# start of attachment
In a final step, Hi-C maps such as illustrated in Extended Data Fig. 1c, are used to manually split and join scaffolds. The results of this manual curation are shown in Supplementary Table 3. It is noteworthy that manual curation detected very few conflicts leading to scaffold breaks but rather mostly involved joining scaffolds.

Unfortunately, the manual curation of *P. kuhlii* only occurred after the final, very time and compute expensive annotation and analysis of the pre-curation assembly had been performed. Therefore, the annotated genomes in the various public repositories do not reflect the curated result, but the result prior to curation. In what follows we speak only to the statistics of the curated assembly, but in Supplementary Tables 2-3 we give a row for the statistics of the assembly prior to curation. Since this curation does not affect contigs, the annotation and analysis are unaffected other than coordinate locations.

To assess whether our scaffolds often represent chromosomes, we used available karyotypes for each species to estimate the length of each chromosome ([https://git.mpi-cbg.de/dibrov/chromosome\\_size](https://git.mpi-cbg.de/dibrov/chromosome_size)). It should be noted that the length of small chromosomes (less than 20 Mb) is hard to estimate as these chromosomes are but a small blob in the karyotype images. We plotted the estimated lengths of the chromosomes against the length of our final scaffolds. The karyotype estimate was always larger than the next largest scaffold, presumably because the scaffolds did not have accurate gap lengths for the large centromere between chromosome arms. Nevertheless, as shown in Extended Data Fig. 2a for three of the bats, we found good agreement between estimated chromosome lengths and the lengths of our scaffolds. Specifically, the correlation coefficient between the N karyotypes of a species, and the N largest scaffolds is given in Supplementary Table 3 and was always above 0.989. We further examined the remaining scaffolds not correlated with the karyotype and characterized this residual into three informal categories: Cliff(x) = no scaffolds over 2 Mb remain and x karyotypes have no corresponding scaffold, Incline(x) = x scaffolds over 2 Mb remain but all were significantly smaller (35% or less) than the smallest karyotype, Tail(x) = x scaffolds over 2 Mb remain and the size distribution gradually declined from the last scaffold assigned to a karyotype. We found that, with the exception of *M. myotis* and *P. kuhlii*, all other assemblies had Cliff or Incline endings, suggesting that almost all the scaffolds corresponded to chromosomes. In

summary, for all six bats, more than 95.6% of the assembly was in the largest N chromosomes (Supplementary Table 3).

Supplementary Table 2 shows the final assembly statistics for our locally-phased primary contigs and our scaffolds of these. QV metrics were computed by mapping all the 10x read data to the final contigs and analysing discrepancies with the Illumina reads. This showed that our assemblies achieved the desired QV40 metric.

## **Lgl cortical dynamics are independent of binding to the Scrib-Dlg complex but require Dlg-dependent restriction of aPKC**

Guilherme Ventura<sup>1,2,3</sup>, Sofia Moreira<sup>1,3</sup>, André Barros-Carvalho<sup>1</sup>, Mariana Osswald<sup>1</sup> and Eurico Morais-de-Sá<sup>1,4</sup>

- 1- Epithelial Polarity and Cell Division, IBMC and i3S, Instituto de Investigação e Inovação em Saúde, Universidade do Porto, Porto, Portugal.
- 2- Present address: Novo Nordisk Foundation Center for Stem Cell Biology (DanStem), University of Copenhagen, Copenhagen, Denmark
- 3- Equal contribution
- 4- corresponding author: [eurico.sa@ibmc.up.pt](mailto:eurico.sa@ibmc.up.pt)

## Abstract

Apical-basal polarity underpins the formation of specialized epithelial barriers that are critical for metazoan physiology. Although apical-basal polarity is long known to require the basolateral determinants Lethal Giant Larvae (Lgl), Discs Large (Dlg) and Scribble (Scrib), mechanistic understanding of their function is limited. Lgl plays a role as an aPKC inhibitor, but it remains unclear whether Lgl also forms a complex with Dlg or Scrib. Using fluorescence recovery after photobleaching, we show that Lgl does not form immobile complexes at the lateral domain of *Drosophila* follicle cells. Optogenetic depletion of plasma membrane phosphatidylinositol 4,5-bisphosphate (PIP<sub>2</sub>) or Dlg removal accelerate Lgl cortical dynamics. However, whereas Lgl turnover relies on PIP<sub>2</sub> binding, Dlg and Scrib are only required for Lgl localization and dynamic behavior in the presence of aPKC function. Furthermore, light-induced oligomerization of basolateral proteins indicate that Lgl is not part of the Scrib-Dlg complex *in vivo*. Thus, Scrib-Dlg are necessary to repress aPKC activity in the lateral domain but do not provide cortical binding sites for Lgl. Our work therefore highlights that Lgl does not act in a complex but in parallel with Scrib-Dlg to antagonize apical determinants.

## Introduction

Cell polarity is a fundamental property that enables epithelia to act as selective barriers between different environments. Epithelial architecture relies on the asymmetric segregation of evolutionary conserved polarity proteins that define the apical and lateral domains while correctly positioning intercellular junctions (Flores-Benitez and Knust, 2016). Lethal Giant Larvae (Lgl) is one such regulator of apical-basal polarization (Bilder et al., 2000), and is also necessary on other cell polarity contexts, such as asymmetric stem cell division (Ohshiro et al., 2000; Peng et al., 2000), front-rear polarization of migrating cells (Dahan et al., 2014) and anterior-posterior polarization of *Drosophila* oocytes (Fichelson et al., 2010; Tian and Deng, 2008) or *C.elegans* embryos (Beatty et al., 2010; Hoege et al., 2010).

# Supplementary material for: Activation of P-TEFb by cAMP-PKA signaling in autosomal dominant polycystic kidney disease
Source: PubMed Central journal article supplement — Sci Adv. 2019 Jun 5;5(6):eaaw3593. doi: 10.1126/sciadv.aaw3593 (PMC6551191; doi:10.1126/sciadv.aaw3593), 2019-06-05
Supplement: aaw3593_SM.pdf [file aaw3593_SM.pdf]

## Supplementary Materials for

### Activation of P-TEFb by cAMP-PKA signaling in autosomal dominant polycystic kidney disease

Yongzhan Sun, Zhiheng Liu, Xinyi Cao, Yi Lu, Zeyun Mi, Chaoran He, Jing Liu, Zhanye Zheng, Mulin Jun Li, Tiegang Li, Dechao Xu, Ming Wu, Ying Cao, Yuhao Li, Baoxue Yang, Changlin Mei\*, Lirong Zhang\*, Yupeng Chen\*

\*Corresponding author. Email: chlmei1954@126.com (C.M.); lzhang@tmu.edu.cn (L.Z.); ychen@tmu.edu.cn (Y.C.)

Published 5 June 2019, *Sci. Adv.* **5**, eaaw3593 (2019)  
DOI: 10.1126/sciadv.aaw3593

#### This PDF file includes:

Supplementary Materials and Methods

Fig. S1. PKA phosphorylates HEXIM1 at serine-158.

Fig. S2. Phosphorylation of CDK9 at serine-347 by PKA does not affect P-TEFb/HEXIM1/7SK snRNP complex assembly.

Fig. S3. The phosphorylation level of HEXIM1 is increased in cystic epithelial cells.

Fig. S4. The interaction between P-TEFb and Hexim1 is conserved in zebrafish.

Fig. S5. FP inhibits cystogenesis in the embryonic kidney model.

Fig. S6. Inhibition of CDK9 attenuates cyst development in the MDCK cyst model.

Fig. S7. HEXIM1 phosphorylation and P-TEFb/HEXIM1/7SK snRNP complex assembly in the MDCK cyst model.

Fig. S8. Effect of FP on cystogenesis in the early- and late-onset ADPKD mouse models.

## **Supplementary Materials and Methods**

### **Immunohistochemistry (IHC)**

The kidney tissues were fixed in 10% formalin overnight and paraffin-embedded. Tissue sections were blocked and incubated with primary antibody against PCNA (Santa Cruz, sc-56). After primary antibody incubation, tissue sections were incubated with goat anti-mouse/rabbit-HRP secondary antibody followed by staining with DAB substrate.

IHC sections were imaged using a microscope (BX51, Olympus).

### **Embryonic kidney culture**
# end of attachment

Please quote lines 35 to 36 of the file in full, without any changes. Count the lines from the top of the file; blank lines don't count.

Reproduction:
## **Supplementary Materials and Methods**

### **Immunohistochemistry (IHC)**